09 May 2018
social_media_scammers

 

Experts Offer Advice to Avoid Online Job Fraud

Be forewarned. Respected jobsite FlexJobs, which checks its postings, cautions when applying for remote work at other sites: “Reports say there are 60-70 job scams for every one legitimate work-from-home job.”

Stated another way: 98% to 99% of those at-home then might be scams.

Compare those numbers with another FlexJobs 2017 stat reported by WomansDay.com that “… remote job listings increased 52 percent in the last two years.

Combined, they create an eerie equation, which is: Increased opportunity = more opportunists. So take heed.

Scammers sometimes use Working Solutions’ good name to fool unsuspecting job applicants. Recently, we’ve seen such trickery done with fake Facebook accounts and persons claiming to be recruiting agents.

 

social media example of scammers

Above are some example messages sent by scammers.


 

Use Caution When Applying

At Working Solutions, we strive to safeguard against such fraud and job seekers should protect themselves as well.

To thwart online scams, it’s wise to follow precautions recommended by work-from-home experts, including well-established Rat Race Rebellion and FlexJobs. They know the ploys that con artists ply in their schemes.

For instance, Rat Race Rebellion outlines eight tip-offs for bogus remote jobs offers, including:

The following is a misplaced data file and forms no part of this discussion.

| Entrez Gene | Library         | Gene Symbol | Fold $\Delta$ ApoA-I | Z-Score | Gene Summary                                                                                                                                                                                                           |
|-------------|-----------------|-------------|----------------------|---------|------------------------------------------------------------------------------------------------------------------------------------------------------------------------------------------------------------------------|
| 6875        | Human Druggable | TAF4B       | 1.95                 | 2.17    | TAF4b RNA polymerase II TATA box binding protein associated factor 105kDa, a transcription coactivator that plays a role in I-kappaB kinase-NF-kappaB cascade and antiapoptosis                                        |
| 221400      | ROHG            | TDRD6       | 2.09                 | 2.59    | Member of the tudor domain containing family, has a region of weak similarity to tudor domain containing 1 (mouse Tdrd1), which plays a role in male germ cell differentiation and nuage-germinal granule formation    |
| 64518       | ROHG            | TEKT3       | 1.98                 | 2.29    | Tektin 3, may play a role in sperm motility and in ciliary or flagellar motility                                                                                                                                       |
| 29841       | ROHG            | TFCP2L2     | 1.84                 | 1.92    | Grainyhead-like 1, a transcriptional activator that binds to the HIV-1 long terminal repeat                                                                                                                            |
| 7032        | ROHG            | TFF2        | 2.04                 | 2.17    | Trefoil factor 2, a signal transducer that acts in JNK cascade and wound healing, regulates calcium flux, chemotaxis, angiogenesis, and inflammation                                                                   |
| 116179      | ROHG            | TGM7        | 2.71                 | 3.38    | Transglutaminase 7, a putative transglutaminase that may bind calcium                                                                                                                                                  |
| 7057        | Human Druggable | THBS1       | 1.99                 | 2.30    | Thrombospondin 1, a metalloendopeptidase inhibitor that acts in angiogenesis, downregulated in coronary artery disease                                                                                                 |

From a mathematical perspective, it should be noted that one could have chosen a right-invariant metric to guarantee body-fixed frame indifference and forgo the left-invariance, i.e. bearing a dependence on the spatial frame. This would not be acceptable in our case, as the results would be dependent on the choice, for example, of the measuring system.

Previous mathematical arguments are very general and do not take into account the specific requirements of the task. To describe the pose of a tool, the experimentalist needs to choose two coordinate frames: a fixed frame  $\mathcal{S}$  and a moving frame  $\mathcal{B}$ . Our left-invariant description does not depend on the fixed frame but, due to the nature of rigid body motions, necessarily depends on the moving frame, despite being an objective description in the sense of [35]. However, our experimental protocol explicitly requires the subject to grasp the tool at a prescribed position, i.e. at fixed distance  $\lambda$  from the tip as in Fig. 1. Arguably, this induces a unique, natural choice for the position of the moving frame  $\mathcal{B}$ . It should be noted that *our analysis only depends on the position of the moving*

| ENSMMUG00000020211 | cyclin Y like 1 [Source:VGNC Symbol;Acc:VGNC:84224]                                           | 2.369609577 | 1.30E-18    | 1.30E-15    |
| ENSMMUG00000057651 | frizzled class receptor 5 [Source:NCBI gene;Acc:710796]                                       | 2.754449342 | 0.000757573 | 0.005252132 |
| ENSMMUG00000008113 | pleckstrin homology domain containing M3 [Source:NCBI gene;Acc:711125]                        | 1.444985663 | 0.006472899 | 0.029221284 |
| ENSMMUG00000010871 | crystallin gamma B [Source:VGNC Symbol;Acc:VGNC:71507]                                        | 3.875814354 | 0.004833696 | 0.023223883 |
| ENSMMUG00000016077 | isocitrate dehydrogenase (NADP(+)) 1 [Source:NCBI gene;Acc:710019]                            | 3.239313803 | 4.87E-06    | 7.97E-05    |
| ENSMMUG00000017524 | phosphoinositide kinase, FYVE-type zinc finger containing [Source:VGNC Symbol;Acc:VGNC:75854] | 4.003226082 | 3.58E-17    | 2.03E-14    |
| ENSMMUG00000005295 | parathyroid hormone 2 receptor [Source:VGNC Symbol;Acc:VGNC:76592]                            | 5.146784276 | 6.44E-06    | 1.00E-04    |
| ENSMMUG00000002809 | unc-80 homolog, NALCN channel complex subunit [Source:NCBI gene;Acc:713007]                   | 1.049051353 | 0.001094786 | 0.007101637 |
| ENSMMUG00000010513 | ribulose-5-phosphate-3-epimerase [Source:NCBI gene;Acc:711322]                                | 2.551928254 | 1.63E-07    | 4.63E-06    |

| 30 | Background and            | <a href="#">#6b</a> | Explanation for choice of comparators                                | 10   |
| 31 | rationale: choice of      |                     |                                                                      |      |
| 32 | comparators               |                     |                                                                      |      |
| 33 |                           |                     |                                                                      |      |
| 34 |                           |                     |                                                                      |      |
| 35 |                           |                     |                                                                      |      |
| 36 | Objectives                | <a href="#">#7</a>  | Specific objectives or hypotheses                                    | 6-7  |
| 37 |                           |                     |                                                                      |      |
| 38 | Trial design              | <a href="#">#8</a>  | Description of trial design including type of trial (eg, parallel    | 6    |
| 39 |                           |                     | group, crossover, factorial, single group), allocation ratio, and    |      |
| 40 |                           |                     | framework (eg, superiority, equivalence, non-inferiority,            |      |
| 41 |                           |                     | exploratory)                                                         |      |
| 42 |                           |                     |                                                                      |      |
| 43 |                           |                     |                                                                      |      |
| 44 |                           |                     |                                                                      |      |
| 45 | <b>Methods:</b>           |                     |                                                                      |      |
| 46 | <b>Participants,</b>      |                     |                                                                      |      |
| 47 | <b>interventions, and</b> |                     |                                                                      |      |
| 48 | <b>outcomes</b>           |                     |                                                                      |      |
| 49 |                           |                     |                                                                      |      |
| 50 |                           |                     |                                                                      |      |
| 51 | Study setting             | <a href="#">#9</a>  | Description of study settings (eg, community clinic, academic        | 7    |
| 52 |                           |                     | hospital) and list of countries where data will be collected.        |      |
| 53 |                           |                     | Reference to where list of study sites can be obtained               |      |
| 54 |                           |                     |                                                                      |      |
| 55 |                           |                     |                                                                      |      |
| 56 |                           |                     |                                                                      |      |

• Company contact uses a non-corporate email – “… on the whole, legitimate employers have corporate email accounts.” Scammers don’t.
  • Big bucks are offered for low-level jobs – “…when they emphasize “No Experience Necessary!”—you’re almost certainly in scamtown.”

On its site, FlexJobs states it hand-screens companies and jobs before posting them. Recently, it ran a blog warning about job-search scams, identifying nine of them. One example is online shipping, where work-from-homers are duped into forwarding stolen property.

Check Out Glassdoor Jobsite

Consumer website Clark.com advises applicants to guard against cons, such as phony job offers: “The problem is that there are many ripoff work-from-home outfits that claim to find you jobs for an upfront fee. They’re just trying to make a quick buck off you.”

Like Rat Race Rebellion and FlexJobs, Clark.com also lists “legitimate work-from-opportunities,” including Amazon Flex, UpWork.com and Working Solutions.

Glassdoor is a respected jobsite, with reviews from employees and contractors of companies. The site constantly checks its postings and removes jobs that appear fake. Even with this diligence, Glassdoor warns job seekers “…fraudulent job postings can appear, and we suggest you use caution in your job search.”

 

Facebook private messages from scammers

Example of private Facebook messages from scammer.


 

Never Give Out Financial Data

If you encounter something suspicious applying for a Working Solutions’ opportunity, please email Gail Rigler, chief marketing officer, at grigler@workingsol.com. Share with her the details, including the company’s name, ad and link where the job originated.

Always remember, Working Solutions never asks for:

  • Credit card data
  • Banking information
  • Application fees
  • Credit scores

And if you’re fooled by a phony application or job offer, contact the Federal Trade Commission’s Complaint Assistant or the FBI’s Internet Crime Complaint Center (IC3).

Remember, working remotely doesn’t mean you’re ever alone. There are trusted resources out there to help, if you think you’ve been had.

 

 

We offer legit, work-from-home opportunities.

For four years in a row, Working Solutions has been named among the FlexJobs Top 100 Companies for remote-job opportunities. In the last three years, the company made the Top 10.

 

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